I think it’s a testament to the overall quality of the Halo franchise that there hasn’t been a single entry which I’d consider to be a bad game. Both Bungie and 343 have put huge amounts of effort into the series and luckily, we are yet to have a complete dud. Not bad when you consider the series spans nine games and two developers.
HALO 5: GUARDIANS
That being said, if it wasn’t for the multiplayer component of Halo 5 it would be in F tier. There was a huge amount of expectations around this game as it was essentially the Xbox One’s main exclusive and Microsoft put a huge amount of money behind marketing it as a true return to form after the divisive Halo 4. Unfortunately what we got absolutely wasn’t worth the wait or money and ultimately contributed to the Xbox one’s brutal collapse in the console market.
Split Screen (a mainstay of the halo series) was stripped out in favour of 60fps and the story was short and poorly written. Rather than learning from the mixed response to the forerunner enemies from Halo 4, 343 doubled down on this and delivered a story that was nothing like the trailers, which made it look like it would be a story about a rogue Master Chief vs the UNSC. To make matters even worse, they brought back Cortana only to have her become the main villain and then ended the game on a complete cliff hanger. It was an utter trainwreck and the fact that Halo Infinite looks to be ignoring the story of 5 stands as testament to just how misplaced it was.
Luckily Halo 5 is salvaged by it’s multiplayer component which was the best we’d seen since Halo 3. Arena playlists brought back the classic Halo ranked experience as a proper arena shooter with no loadouts or abilities, where controlling the map matters. Warzone brought some freshness to the formula as a 24 player mode which combined PVP with PVE set on large maps with multiple objectives. It might not have had the impact of Halo 2 or 3 but it was definitely fun and prevents Halo 5 from being rooted in the lowest tier.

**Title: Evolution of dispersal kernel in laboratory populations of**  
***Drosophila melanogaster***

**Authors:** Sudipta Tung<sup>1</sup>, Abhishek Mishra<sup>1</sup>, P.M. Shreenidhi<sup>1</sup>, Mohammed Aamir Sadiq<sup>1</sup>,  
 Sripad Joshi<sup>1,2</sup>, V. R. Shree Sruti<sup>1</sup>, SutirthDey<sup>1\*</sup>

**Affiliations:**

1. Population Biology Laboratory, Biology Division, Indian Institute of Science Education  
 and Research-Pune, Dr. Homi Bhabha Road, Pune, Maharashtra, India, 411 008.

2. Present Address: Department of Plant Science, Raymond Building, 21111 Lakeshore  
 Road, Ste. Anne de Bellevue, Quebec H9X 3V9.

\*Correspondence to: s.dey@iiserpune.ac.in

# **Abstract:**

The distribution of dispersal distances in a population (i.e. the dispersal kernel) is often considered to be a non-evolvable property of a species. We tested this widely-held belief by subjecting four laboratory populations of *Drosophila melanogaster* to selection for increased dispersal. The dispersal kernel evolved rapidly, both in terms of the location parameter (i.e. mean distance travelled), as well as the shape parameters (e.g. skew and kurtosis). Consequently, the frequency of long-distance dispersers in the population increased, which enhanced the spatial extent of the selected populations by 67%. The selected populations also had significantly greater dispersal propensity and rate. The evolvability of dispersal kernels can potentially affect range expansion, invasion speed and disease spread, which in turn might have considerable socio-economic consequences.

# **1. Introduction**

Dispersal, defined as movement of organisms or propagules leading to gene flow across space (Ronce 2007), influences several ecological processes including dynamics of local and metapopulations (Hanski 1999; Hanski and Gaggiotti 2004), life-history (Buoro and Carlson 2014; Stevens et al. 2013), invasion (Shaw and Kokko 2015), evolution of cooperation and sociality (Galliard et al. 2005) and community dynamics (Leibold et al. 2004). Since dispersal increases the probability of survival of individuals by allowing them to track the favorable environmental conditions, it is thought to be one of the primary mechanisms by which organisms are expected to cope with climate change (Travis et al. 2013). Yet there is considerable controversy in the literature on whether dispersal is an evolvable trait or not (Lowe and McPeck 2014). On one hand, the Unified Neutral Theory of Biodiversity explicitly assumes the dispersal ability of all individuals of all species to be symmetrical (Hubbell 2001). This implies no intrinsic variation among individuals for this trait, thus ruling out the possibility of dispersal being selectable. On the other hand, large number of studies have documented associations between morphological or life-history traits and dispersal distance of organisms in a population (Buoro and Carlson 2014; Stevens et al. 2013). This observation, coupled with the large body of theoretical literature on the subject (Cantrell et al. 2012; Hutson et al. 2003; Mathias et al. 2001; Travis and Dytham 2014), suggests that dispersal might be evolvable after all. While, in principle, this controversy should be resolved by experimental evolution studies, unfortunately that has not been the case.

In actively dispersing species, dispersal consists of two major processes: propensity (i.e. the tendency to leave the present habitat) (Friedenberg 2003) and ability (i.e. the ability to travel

Halo 4 is a very odd game. Bungie had split with Microsoft and the Halo franchise was entrusted to 343 Studios, a newly formed studio dedicated solely to creating Halo games. The story had been wrapped up in Halo 3 so there was genuine interest in the direction 343 would take the series.
The issue is that while Halo 4 is a perfectly fine game and actually surprisingly beloved by certain fans, it’s story and gameplay direction is just not particularly “Halo”. The grounded space war story has been replaced with a more fantasy/sci-fi tale, more concerned with alien magic powers and ancient wars than the series had ever been in the past. The horror elements that the Flood bring to the table were removed in favour of a new enemy type, forerunner Prometheans, who unfortunately were generic and fairly unfun to fight against. Staple elements like power weapons and equipment were removed in favour of Call of Duty style loadouts and the whole game feels very much like a follower in the FPS genre rather than a leader which it had always previously been.
The story in particular proved very controversial. Large elements of it barely made any sense without having read supplementary comics and novels and while the underlying tale about AI rampancy and forerunner infighting is interesting in theory, the delivery is very weak. What saves the story from complete failure is the emotional goodbye between Cortana and Master Chief which is handled excellently. Unfortunately it’s slightly ruined by knowing she returned in the very next game but in isolation, it’s a great sign off to a historic video game partnership.
The final game by the legendary RTS pioneers, Ensemble Studios – Halo Wars was a valiant attempt to bring what was previously a PC only genre into the console market. It was designed from the ground up to be naturally played with a controller and the final product is surprisingly pretty playable.
The story follows the UNSC ship, the Spirit of Fire, as they are sent on a series of missions to combat a secret Covenant plan to activate a forerunner artefact that could destroy the galaxy. If it sounds familiar, that’s because it is. It’s not surprising that the developers of Age of Empires and Star Wars Galactic Battlegrounds weren’t able to put together a particularly compelling narrative which was disappointing considering it’s one of the main draws of the wider series.